Reviews by Jason Alcorn, Kit Bowen, Tracey Pollack, Ellen A. Kim and Don Chareunsy.
Just when you thought the "Batman" franchise had left superhero movies creatively bankrupt, caped crusaders and masked villains are invading Hollywood once again.
This summer's release of "X-Men" promises to be the first in a long list of big-budget comic book adaptations. Many of these were on the back burner for several years but have been making headlines in recent weeks, ever since it was announced that Sam Raimi will likely be the director of Sony's long-awaited "Spider-Man" movie.
"The Greatest American Hero" The latest, and perhaps most bizarre, project announced is a big-screen version of "The Greatest American Hero," the early 1980s TV show that starred William Katt as bumbling superguy Ralph Hinkley (the character's surname was changed to "Hanley" after John Hinckley's attempted assassination of President Reagan). Space aliens give Hinkley a superhero suit and an instruction manual, but he loses the manual and must learn how to harness the powers of the suit on his own, with zany, madcap results. The show, which also starred Connie Sellecca as Katt's girlfriend and Robert Culp as his boss, is probably best remembered for its scenes of Katt learning how to fly and for its zippy theme song. According to Daily Variety, Touchstone Pictures has bought the rights to make a film about the knight-errant man in red tights and has hired two screenwriters to put the project in motion. No word yet on whether the "hero" will turn in those tights for 1990s-style body armor a la Batman.
While the "Greatest American Hero" news came from out of the blue, other super-duper movies have been eagerly awaited by comic geeks, studio licensing executives and toy manufacturers for most of the 1990s. Finally, just last week, Variety reported that the "Fantastic Four" movie, with its long and tangled history, might finally get off the ground with director Roger Donaldson ("Dante's Peak") at the controls. It's a merchandiser's dream -- four superheroes, plus the villains! -- and it's been in the works since 1994, when Marvel Comics made legal maneuvers to prevent director Oley Sassone from releasing his $2 million feature film version of the classic comic.
It's not that Sassone's version wasn't licensed by Marvel, but the comics publisher had received a bigger, better offer from producer-director Chris Columbus ( "Bicentennial Man") to do a first-class job; thus, the cheap quickie was never released and has been relegated to grainy bootleg videotapes sold on the underground. Now Mr. Fantastic, The Thing, the Invisible Girl and Human Torch, not to mention their nemesis Dr. Doom will probably command a $100 million budget if they ever make it to the screen.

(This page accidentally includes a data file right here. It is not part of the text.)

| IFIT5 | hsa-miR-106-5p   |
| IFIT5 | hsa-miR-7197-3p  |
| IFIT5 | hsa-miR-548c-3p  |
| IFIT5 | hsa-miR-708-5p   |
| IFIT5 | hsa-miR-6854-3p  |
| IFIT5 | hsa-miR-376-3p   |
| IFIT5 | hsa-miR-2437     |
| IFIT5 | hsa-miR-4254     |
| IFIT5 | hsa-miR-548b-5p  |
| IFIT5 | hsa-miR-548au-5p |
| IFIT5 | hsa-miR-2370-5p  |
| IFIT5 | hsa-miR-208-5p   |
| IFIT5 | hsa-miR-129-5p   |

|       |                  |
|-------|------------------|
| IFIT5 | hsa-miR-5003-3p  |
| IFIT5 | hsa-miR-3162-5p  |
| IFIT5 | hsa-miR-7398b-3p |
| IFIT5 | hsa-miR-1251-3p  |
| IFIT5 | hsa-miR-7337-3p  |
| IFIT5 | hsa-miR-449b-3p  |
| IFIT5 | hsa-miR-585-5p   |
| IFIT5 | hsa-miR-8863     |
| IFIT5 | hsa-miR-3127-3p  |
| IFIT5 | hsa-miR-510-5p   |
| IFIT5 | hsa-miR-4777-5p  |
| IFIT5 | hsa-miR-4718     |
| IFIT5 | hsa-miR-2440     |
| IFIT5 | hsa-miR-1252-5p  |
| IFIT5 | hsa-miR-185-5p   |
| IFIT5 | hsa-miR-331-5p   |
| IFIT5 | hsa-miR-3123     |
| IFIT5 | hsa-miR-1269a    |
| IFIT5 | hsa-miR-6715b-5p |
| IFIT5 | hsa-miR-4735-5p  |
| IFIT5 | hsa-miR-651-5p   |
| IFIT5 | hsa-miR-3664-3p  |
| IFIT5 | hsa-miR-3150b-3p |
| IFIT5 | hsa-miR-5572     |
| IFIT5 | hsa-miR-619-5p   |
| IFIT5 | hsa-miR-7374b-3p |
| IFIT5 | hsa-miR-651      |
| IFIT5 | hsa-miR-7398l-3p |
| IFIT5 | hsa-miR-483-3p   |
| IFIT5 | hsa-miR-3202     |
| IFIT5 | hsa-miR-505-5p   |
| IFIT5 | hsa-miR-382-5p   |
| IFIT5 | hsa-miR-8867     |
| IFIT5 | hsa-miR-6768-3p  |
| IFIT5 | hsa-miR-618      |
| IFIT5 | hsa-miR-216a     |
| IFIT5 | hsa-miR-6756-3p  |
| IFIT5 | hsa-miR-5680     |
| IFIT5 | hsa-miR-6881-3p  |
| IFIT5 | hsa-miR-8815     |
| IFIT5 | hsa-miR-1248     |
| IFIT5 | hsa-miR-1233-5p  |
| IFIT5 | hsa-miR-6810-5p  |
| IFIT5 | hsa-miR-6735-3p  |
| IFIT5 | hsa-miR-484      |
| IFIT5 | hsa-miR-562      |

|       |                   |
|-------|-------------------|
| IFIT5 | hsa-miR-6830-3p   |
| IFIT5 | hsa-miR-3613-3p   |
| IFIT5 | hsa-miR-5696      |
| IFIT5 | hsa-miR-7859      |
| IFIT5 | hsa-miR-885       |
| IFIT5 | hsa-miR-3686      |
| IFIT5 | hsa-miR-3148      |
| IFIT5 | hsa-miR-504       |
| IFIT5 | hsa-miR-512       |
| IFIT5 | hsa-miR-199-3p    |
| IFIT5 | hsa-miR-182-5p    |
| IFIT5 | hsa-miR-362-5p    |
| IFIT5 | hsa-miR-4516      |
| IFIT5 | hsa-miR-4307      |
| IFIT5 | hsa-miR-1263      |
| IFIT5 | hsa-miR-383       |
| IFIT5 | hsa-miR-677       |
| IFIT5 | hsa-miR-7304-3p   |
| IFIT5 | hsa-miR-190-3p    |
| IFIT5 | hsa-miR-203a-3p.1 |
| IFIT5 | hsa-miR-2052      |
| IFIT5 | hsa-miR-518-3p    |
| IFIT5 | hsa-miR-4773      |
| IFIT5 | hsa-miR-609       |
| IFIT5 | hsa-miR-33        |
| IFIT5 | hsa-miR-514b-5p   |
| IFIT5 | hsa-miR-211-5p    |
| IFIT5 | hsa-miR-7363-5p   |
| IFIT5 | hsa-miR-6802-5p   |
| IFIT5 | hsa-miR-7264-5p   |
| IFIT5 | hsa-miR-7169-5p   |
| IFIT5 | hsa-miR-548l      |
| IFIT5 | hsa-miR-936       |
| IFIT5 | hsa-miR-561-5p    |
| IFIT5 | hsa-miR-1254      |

The "Fantastic Four" news comes after word that several other Marvel properties are also moving from the back burner to the front. Last week, the trades reported that Columbia Pictures is close to hiring director Mark Steven Johnson ( "Simon Birch") to write and direct "Daredevil," the story of a blind criminal defense attorney by day who dresses up like a demon by night and stalks the city for criminals using his radar-like, radioactivity-enhanced senses to detect danger and evil-doers. Then there's "Dr. Strange," which writer-director Chuck Russell ( "Eraser") has recently been hired (also by Columbia) to develop. There's no speculation yet as to who'll play the young, crime-fighting psychiatrist Stephen Strange, who was known to utter strange incantations such as "By the hoary host of Hoggoth."
While Marvel Comics has the lion's share of superhero movies in the works (studios are also working on adaptations of "The Silver Surfer" and "The Incredible Hulk," although those two projects have been stuck in development hell for some time), rival publisher DC Comics isn't out of the picture, not by a long shot.
Apparently not even George Clooney and Joel Schumacher could succeed in killing Warner Bros.' "Batman" franchise. The studio is reportedly talking to "Pi" director Darren Aronofsky about making "Batman 5," and the studio's highly anticipated "Superman Reborn," once known as "Superman Forever," is said to be gearing up again now after being shelved two years ago when Tim Burton walked away (or was fired, depending on what you believe).
Warners is said to be pleased with the new "Superman" screenplay by Bill Wisher, and the candidate for Most Unlikely to Direct is ... Oliver Stone. According to The Hollywood Reporter, Stone is the No. 1 candidate for the job, and the studio wants to take a nontraditional approach to America's most traditional superhero, "sans the tights and more 'Matrix' like." Did Lex Luthor kill President Kennedy? Stay tuned.